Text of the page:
Changes in the threshold of fetal lung maturity testing and neonatal outcome of infants delivered electively before 39 weeks gestation: implications and cost-effectiveness

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Abstract

Objective:

To compare the neonatal outcome of infants delivered before 39 weeks' gestation following documentation of fetal lung maturity before and after the lamellar body count (LBC) threshold was increased from 30 000 to 50 000 LB/ul. We discuss the algorithm employed for testing fetal lung maturity, the cost of testing and potential savings.

Material and methods:

We studied the outcome of infants delivered electively before 39 weeks' gestation after fetal lung maturity was documented by amniotic fluid analysis. We compared the outcome of neonates born before and after the LBC threshold was increased.

Results:

Our cohort included 527 neonates who were divided into two groups: 264 who underwent fetal lung maturity studies before the change in LBC threshold and 263 who underwent testing after the change. In the first group, 158 neonates met the criteria of LBC >30 000 LB/ul and were delivered without further testing. The second group included 154 neonates who were mature by LBC >50 000 LB/ul and were delivered. Seven of the neonates born in the first group required admission to the neonatal intensive care unit (NICU), whereas in the second group only two neonates required admission (P = 0.02). Additionally, 16 neonates in the first group required respiratory assistance compared with six in the second group (P = 0.04). The overall neonatal complication rate was significantly higher in the first group (P = 0.001).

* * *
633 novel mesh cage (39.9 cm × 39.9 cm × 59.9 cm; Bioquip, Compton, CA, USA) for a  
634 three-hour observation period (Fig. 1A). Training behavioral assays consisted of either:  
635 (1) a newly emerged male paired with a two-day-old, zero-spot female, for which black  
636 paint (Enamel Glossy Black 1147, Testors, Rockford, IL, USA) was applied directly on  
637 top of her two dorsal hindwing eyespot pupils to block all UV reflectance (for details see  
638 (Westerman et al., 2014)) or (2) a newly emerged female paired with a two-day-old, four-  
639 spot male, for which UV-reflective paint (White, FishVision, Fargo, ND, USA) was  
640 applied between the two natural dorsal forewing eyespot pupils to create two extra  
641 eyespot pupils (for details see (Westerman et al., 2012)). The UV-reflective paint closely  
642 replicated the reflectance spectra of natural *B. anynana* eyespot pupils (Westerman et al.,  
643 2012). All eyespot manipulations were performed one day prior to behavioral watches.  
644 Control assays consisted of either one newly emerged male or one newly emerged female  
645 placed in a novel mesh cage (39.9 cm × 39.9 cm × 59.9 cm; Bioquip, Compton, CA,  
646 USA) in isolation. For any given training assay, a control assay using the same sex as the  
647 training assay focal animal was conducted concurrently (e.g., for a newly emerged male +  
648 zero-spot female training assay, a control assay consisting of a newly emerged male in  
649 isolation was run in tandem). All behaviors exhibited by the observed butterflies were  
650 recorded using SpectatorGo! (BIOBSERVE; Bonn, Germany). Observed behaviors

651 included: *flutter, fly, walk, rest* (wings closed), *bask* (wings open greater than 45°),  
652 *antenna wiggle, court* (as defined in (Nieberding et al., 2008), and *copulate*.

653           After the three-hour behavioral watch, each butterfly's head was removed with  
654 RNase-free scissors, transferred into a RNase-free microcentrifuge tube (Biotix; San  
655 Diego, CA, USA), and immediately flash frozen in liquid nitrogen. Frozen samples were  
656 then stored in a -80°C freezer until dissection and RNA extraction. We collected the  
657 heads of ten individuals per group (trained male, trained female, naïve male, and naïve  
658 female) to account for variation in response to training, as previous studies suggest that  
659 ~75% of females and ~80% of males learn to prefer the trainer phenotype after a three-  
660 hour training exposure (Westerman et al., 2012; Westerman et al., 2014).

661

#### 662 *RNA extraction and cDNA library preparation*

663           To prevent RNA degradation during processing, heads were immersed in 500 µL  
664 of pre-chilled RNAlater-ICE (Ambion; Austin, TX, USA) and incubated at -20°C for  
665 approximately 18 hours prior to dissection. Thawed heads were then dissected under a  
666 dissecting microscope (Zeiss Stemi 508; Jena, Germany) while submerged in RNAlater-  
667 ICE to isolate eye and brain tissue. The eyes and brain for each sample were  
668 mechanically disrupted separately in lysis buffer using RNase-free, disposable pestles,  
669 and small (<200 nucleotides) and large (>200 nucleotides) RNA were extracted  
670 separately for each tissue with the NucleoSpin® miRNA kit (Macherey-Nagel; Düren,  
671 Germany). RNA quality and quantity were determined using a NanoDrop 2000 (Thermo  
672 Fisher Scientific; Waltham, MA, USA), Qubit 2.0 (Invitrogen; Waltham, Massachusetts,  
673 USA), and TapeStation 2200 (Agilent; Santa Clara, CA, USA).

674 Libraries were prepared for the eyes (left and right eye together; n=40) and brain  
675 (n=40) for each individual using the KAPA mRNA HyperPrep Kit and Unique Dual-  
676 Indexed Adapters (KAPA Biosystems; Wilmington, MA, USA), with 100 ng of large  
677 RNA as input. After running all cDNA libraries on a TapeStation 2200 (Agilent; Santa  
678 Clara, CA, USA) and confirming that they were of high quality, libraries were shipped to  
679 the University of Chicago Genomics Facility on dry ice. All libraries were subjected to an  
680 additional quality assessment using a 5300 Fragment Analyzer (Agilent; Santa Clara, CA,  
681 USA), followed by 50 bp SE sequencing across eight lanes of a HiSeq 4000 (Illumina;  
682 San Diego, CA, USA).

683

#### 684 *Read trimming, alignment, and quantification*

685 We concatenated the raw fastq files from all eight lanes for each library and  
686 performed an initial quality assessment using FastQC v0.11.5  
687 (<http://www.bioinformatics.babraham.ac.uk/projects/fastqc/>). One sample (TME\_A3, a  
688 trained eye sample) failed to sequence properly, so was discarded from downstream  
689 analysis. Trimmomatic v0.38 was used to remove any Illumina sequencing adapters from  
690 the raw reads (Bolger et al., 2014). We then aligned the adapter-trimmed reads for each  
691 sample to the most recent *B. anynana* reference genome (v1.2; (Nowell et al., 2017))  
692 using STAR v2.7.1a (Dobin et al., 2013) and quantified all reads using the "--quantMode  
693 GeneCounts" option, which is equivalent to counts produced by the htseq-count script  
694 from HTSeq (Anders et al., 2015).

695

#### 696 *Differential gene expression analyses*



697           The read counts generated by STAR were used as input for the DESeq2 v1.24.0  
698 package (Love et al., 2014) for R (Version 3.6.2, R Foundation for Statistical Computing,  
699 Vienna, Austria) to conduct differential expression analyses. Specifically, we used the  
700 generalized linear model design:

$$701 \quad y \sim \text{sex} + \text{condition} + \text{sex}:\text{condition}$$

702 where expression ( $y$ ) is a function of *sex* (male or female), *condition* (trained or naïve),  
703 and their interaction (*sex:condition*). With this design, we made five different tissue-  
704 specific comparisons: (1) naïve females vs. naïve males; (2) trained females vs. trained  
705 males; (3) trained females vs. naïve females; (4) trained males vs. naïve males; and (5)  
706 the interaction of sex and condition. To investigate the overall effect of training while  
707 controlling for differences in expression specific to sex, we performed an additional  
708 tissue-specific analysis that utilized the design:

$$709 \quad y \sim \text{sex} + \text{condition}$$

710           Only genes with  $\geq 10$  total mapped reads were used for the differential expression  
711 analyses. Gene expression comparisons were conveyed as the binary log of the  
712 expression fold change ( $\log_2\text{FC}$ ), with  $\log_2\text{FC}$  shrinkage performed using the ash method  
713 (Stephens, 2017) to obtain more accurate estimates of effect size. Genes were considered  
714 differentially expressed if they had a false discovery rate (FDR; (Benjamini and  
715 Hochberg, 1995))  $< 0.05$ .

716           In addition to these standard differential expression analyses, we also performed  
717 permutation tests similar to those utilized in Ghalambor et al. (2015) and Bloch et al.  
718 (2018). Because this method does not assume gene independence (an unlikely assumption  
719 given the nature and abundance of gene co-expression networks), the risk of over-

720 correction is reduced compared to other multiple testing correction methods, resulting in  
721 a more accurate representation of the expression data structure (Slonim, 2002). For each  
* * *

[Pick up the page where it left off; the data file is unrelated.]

Conclusion:

Changing the LBC threshold resulted in a significant decrease in neonatal morbidity. Employing the algorithm, we described for testing fetal lung maturity is cost effective, and more importantly, represents sound evidence-based medical management.

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